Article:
US Researchers have developed a way to detect keyhole porosity during laser powder bed fusion additive manufacturing, opening up the possibility of using the 3D printing process in more parts of an aircraft.
The new inspection approach combines x-ray and near-infrared imaging processes to detect the exact moment a keyhole pore forms during the printing process. It could significantly expand the use of 3D printed metal parts in aerospace by improving their strength and durability.
Keyhole pores are one of the major defects in the commonly-used additive manufacturing (AM) technique laser powder bed fusion (LPBF).
LPBF uses lasers to 3D print metal parts by melting layers of metal powder on top of each other. The process is often able to produce intricate parts that would not be possible using subtractive methods.
However, porosity defects remain a major barrier to LPBF’s use in fatigue-sensitive applications like aircraft wings. Some porosity is associated with deep and narrow vapor depressions – the so-called keyholes.
The formation and size of the keyhole is a function of laser power and scanning velocity, as well as the materials’ capacity to absorb laser energy. If the keyhole walls are stable, it enhances the surrounding material’s laser absorption and improves laser manufacturing efficiency.
However, if the walls are wobbly or collapse the material solidifies around the keyhole, trapping the air pocket inside the newly formed layer of material. This makes the material more brittle and more likely to crack under environmental stress.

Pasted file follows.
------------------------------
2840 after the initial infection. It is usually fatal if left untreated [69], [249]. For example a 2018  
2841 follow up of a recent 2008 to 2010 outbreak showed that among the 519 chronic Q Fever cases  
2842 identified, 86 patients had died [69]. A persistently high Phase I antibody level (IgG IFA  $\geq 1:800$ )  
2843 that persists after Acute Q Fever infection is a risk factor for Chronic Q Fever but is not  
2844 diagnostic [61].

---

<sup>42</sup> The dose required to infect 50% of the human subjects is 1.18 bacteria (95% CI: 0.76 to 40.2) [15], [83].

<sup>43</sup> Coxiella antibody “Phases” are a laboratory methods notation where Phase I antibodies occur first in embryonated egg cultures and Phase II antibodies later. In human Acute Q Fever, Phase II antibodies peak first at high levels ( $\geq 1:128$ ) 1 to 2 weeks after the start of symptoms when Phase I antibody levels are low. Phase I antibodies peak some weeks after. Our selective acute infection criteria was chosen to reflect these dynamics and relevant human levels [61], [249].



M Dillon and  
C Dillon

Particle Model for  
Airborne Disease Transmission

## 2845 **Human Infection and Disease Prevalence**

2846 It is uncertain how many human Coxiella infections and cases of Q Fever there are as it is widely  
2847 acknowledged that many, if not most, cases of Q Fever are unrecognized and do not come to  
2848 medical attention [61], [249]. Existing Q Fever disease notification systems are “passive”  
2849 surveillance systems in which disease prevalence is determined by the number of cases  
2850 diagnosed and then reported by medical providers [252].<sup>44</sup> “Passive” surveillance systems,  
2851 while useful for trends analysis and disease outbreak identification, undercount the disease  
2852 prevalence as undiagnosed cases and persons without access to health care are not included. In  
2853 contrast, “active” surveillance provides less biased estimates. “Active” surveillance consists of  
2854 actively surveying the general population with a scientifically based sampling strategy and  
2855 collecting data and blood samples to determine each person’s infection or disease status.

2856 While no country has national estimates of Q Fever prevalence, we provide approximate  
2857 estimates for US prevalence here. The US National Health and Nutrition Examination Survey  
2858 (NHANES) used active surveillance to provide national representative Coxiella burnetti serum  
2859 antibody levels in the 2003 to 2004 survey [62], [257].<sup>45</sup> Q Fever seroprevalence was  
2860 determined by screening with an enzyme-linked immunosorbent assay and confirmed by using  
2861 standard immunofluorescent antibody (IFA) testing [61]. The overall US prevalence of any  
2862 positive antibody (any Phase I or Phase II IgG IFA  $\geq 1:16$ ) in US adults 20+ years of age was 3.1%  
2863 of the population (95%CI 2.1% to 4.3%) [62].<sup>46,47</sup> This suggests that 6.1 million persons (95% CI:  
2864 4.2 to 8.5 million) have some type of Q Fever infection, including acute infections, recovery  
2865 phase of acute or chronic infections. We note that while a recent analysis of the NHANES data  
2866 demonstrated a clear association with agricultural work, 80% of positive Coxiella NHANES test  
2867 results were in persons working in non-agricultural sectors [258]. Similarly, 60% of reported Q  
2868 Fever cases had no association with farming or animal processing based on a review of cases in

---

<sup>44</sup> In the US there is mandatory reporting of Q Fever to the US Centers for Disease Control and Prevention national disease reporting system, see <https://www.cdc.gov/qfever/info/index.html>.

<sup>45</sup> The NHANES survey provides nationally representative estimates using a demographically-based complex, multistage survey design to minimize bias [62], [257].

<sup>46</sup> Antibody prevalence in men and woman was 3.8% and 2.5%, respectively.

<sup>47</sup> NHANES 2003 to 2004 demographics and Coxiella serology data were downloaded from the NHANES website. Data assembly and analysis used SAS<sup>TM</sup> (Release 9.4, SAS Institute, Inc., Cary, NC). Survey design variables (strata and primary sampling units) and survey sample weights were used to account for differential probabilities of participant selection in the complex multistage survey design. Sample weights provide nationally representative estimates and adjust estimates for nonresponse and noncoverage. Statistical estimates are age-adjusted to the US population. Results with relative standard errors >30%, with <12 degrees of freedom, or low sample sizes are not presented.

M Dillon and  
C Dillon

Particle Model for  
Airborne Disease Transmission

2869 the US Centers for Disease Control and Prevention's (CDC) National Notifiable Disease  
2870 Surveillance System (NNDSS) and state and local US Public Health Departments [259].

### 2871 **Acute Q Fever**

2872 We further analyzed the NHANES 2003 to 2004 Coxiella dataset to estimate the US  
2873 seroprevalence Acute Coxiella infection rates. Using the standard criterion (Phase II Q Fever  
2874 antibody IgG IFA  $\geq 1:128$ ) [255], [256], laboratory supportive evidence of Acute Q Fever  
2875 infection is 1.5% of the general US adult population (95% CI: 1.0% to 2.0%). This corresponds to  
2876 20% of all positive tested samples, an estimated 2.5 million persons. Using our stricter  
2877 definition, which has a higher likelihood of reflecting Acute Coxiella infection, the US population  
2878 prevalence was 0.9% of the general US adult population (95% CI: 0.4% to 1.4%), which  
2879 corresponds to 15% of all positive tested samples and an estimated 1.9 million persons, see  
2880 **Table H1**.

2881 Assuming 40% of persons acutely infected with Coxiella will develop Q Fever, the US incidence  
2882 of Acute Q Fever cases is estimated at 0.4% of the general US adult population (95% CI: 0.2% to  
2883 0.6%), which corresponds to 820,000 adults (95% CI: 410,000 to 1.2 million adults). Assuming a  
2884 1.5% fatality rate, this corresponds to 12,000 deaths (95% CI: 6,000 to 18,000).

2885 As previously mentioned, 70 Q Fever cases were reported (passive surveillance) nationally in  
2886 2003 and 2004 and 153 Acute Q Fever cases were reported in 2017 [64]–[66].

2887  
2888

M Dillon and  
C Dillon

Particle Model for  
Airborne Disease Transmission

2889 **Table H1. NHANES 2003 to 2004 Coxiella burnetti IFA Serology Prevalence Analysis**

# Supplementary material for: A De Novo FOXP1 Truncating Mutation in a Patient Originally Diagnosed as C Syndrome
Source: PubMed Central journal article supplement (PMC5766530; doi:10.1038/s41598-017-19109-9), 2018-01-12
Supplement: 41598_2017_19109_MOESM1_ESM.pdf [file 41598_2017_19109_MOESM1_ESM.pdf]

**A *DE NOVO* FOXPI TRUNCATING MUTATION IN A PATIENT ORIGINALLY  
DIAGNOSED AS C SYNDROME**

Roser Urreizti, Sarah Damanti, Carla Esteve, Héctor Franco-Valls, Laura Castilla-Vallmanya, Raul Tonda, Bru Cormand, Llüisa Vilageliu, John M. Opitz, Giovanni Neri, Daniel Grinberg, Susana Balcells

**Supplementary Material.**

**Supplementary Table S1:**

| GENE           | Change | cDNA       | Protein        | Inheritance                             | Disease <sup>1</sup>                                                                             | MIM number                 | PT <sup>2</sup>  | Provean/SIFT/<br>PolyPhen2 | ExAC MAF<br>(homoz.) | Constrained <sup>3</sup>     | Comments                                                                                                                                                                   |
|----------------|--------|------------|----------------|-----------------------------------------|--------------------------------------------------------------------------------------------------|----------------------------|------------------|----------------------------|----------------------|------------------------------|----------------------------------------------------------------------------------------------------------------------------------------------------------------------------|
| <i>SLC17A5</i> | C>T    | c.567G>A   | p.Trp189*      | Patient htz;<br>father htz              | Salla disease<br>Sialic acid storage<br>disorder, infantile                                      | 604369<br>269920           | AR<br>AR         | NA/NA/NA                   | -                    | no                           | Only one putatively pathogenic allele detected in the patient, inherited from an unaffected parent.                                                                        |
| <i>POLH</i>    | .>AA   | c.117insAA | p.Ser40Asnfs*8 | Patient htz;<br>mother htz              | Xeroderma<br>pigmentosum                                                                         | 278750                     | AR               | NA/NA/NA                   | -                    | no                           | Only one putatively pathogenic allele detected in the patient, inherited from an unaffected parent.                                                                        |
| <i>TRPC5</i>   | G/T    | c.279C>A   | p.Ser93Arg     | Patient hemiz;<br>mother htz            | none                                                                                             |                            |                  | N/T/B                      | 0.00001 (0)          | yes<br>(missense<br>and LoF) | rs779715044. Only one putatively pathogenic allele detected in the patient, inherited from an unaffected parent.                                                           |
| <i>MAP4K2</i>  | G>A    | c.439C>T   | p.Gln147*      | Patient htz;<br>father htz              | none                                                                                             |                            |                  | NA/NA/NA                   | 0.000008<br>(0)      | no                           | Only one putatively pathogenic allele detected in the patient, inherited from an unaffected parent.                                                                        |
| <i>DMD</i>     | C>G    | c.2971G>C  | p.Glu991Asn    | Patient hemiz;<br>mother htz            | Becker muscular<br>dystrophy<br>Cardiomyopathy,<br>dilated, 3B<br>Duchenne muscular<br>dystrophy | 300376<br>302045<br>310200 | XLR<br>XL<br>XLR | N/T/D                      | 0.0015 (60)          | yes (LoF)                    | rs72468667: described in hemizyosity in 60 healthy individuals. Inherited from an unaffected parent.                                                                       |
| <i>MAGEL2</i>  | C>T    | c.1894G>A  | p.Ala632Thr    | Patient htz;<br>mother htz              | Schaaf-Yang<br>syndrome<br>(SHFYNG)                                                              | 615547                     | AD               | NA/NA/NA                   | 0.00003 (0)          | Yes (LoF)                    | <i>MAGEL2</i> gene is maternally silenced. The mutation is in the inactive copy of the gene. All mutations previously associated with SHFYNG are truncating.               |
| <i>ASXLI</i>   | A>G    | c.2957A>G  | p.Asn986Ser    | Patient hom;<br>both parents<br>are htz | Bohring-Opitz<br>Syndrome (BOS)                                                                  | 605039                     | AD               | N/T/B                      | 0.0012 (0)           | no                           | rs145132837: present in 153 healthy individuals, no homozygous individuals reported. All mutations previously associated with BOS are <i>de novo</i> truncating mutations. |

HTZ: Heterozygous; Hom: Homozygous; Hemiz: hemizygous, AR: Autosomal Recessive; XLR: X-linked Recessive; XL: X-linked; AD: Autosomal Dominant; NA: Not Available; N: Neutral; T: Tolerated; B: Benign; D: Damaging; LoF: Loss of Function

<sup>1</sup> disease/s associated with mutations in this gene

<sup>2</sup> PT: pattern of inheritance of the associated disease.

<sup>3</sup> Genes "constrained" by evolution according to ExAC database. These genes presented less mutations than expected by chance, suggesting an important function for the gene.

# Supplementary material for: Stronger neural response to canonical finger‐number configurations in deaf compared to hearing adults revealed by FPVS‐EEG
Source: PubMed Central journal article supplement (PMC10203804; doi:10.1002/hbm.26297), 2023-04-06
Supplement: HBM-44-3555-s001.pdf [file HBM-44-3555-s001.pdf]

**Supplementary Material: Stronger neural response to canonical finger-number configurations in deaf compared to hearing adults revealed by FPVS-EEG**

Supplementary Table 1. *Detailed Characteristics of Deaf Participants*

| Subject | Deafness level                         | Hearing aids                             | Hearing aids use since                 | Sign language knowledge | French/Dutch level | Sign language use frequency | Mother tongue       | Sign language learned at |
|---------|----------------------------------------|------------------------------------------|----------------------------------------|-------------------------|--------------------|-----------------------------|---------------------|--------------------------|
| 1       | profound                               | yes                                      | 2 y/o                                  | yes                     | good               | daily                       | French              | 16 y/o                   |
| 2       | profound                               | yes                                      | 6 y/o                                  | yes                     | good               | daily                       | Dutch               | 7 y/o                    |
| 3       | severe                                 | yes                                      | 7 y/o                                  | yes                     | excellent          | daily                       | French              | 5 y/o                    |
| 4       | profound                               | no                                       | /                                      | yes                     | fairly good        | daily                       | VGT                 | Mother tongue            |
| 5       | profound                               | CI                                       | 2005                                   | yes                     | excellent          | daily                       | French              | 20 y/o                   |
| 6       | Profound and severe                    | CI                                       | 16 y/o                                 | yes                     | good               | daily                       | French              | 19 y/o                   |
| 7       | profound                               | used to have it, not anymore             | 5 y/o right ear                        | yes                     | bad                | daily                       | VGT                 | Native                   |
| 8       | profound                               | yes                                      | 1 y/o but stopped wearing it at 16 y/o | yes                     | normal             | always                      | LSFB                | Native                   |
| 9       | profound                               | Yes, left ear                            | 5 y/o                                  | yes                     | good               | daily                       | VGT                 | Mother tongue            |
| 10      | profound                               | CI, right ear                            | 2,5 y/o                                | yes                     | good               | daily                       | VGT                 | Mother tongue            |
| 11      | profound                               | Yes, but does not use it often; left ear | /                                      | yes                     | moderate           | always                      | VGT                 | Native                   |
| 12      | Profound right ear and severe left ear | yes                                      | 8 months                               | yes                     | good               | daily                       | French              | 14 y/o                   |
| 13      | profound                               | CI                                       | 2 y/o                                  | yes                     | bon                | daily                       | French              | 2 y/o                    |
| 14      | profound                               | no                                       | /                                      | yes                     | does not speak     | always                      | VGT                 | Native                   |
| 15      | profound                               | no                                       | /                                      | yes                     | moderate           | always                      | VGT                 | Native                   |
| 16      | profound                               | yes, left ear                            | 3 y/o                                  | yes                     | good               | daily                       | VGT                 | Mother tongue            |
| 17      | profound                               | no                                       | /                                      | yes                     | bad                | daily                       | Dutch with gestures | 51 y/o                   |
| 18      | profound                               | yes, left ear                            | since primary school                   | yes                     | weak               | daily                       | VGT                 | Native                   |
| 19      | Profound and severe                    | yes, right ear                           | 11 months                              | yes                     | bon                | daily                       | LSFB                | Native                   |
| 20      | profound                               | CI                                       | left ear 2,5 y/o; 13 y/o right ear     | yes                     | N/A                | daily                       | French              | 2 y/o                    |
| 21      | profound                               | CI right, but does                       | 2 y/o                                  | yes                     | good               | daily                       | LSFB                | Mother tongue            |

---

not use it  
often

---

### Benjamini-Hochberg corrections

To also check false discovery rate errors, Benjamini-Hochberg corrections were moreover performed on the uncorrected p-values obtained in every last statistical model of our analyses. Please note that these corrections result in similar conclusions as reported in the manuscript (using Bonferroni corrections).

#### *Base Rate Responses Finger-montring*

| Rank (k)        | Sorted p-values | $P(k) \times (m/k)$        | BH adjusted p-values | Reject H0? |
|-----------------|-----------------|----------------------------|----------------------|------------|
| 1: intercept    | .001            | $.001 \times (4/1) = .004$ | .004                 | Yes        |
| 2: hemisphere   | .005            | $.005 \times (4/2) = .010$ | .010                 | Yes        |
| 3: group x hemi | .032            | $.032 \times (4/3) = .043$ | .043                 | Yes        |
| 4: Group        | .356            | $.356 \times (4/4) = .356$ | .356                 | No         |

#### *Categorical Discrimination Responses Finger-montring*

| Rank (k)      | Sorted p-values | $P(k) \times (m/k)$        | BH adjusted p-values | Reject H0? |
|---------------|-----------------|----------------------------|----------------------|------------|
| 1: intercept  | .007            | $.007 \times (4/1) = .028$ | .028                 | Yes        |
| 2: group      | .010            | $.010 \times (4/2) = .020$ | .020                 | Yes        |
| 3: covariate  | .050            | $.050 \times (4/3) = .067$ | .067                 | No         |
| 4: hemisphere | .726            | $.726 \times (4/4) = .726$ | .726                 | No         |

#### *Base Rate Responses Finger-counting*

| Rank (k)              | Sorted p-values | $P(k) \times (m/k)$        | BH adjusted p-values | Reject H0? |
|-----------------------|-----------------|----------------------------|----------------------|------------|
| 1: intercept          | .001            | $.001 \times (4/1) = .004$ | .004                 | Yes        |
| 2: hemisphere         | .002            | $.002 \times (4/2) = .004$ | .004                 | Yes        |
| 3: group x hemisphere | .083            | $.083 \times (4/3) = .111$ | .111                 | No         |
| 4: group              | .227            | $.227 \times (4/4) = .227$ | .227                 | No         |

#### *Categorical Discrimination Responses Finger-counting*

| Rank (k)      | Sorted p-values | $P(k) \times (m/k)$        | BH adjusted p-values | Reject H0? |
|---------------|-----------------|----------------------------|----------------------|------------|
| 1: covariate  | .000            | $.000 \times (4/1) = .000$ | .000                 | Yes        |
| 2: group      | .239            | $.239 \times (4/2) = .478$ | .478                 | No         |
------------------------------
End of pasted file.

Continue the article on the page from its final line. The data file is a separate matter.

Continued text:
A team of researchers from Carnegie Mellon University, the University of Wisconsin, and the University of Virginia have developed a real-time keyhole detection method.
Tao Sun, associate professor of materials science and engineering at the University of Virginia and lead on the research program said, “By integrating operando synchrotron x-ray imaging, near-infrared imaging and machine learning our approach can capture the unique thermal signature associated with keyhole pore generation with sub-millisecond temporal resolution and 100% prediction rate.”
Materials science and engineering professor Anthony Rollett from Carnegie Mellon University said, “Our findings not only advance additive manufacturing research, but they can also practically serve to expand the commercial use of LPBF for metal parts manufacturing.”
The researchers also advanced how a tool — operando synchrotron x-ray imaging — can be used. Using machine learning, they additionally discovered two modes of keyhole oscillation.
“Porosity in metal parts remains a major hurdle for wider adoption of LPBF technique in some industries. Keyhole porosity is the most challenging defect type when it comes to real-time detection using lab-scale sensors because it occurs stochastically beneath the surface,” Sun added.
“Our approach provides a viable solution for high-fidelity, high-resolution detection of keyhole pore generation that can be readily applied in many additive manufacturing scenarios.”
Their peer-reviewed paper “Machine Learning Aided Real-Time Detection Of Keyhole Pore Generation In Laser Powder Bed Fusion ”was published last week in Science Magazine.
The team’s research is funded by the Department of Energy’s Kansas City National Security Campus managed by Honeywell FM&T.
Source: University of Virginia